SO ORDERED November 19, 2021.


Laura A. Storck-Elam

Senior Hearing Officer

State Tax Commission


Certificate of Service

I hereby certify that a copy of the foregoing has been electronically mailed and/or sent by U.S. Mail on November 19, 2021, to: Complainant(s) and/or Counsel for Complainant(s), the County Assessor and/or Counsel for Respondent and County Collector.


Elaina Mejia

Legal Coordinator




[1] Complainants timely filed a complaint for review of assessment.  The State Tax Commission (STC) has authority to hear and decide Complainants’ appeal.   Mo. Const. art. X, Section 14; section 138.430.1, RSMo 2000.  All statutory citations are to RSMo 2000, as amended.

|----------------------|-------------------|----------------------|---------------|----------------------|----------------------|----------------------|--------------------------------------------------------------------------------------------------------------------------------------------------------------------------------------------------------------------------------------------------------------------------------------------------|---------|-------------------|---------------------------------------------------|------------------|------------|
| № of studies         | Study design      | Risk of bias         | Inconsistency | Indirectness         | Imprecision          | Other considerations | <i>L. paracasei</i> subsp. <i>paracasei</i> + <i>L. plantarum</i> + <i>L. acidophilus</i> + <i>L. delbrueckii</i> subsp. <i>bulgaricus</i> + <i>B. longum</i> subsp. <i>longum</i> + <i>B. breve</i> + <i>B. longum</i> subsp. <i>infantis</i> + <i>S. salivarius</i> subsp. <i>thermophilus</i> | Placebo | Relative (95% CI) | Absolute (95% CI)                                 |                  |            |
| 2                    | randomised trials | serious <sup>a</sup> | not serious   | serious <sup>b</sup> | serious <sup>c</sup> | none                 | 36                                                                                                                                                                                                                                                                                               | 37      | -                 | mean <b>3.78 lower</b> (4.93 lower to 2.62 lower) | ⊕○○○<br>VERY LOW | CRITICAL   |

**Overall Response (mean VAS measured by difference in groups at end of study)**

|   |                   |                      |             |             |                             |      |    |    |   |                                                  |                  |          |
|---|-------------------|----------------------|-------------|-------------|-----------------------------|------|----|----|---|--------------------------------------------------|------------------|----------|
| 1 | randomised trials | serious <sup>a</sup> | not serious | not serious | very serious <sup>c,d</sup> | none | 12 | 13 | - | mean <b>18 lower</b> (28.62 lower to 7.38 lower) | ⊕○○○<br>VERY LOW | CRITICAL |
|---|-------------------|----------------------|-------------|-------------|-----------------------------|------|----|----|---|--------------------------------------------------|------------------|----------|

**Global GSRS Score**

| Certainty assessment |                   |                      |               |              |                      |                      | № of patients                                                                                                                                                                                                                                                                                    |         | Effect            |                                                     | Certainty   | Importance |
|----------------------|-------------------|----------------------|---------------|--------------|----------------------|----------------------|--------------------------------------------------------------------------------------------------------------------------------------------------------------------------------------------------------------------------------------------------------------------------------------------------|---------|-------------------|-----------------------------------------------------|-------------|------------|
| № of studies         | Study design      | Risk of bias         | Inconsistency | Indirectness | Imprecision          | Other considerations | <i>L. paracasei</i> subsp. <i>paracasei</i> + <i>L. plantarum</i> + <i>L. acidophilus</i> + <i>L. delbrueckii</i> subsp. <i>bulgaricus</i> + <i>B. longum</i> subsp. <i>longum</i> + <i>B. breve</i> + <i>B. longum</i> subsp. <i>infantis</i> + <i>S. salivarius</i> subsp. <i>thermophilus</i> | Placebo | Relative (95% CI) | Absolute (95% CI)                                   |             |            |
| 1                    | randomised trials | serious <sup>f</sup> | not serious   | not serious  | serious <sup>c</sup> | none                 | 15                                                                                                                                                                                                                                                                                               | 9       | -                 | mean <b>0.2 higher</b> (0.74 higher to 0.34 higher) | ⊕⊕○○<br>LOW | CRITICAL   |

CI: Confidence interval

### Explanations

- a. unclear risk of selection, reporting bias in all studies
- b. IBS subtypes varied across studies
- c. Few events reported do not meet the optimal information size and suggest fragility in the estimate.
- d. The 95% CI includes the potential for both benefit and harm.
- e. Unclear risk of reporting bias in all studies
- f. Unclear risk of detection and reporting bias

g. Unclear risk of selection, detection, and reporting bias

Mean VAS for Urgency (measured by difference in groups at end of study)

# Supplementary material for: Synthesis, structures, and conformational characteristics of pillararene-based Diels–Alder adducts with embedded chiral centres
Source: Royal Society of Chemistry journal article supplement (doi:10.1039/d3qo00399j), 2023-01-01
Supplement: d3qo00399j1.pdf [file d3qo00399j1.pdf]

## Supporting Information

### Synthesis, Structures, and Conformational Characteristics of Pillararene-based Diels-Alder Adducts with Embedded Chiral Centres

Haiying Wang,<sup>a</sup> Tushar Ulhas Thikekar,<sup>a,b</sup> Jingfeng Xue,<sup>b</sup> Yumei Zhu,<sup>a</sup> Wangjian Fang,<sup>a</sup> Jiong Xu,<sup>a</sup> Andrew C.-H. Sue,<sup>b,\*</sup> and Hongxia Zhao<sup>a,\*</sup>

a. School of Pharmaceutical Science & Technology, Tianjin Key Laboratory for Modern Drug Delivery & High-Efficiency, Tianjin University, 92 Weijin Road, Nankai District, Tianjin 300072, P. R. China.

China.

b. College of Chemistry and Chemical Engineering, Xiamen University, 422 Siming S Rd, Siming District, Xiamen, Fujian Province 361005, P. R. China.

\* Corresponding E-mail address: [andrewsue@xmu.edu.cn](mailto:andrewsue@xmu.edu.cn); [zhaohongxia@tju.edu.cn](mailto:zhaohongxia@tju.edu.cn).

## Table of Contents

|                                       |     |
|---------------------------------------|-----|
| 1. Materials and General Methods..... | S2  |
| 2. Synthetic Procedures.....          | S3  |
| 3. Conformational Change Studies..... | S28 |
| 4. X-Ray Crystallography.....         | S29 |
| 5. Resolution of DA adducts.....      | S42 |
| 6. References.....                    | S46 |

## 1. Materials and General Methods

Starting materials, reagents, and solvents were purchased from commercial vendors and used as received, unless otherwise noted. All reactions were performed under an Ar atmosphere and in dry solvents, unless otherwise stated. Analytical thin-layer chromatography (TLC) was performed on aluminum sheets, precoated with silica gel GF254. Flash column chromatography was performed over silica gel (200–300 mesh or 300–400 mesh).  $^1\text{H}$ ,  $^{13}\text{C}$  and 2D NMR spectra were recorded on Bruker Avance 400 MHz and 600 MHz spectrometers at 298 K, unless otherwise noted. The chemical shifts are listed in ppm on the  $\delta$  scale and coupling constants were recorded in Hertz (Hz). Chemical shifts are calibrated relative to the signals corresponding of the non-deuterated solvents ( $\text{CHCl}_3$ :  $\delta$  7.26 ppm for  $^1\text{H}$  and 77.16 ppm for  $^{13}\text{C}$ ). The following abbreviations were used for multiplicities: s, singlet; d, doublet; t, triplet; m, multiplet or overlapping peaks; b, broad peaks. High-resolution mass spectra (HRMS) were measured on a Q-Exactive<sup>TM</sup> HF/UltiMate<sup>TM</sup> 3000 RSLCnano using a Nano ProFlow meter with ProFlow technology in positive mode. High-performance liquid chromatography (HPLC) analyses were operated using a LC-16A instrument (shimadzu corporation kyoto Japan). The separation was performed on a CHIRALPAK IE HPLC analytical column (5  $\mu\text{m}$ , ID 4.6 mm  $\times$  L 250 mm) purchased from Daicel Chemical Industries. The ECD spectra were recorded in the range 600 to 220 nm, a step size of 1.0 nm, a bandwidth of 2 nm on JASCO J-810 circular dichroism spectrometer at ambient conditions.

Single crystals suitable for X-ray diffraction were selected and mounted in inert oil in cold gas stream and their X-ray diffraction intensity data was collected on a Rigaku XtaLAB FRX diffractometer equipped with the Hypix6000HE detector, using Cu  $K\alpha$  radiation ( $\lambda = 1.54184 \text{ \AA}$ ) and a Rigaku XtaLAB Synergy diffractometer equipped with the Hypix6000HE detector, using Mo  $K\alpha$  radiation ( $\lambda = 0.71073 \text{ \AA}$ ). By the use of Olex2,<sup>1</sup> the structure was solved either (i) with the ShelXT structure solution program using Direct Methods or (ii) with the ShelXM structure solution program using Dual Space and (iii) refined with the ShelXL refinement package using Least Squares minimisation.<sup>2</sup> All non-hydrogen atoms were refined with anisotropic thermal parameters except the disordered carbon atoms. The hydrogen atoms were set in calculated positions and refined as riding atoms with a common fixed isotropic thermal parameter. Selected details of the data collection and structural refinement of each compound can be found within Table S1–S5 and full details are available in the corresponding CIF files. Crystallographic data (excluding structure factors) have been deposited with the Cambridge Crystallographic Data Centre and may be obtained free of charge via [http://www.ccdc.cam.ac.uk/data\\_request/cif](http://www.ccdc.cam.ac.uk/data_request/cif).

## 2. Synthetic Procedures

[2] By a November 12, 2020, order, Complainants were notified that the scanned copies of the photographs made the day of the evidentiary hearing were unusable and were given the opportunity to submit copies by email or mail on or before November 20, 2020. Complainants did not submit copies of the photographs for this appeal. Other than two photographs that are corrupted, the photographs are not included in the record. The inclusion of the photographs for consideration would not have changed the decision.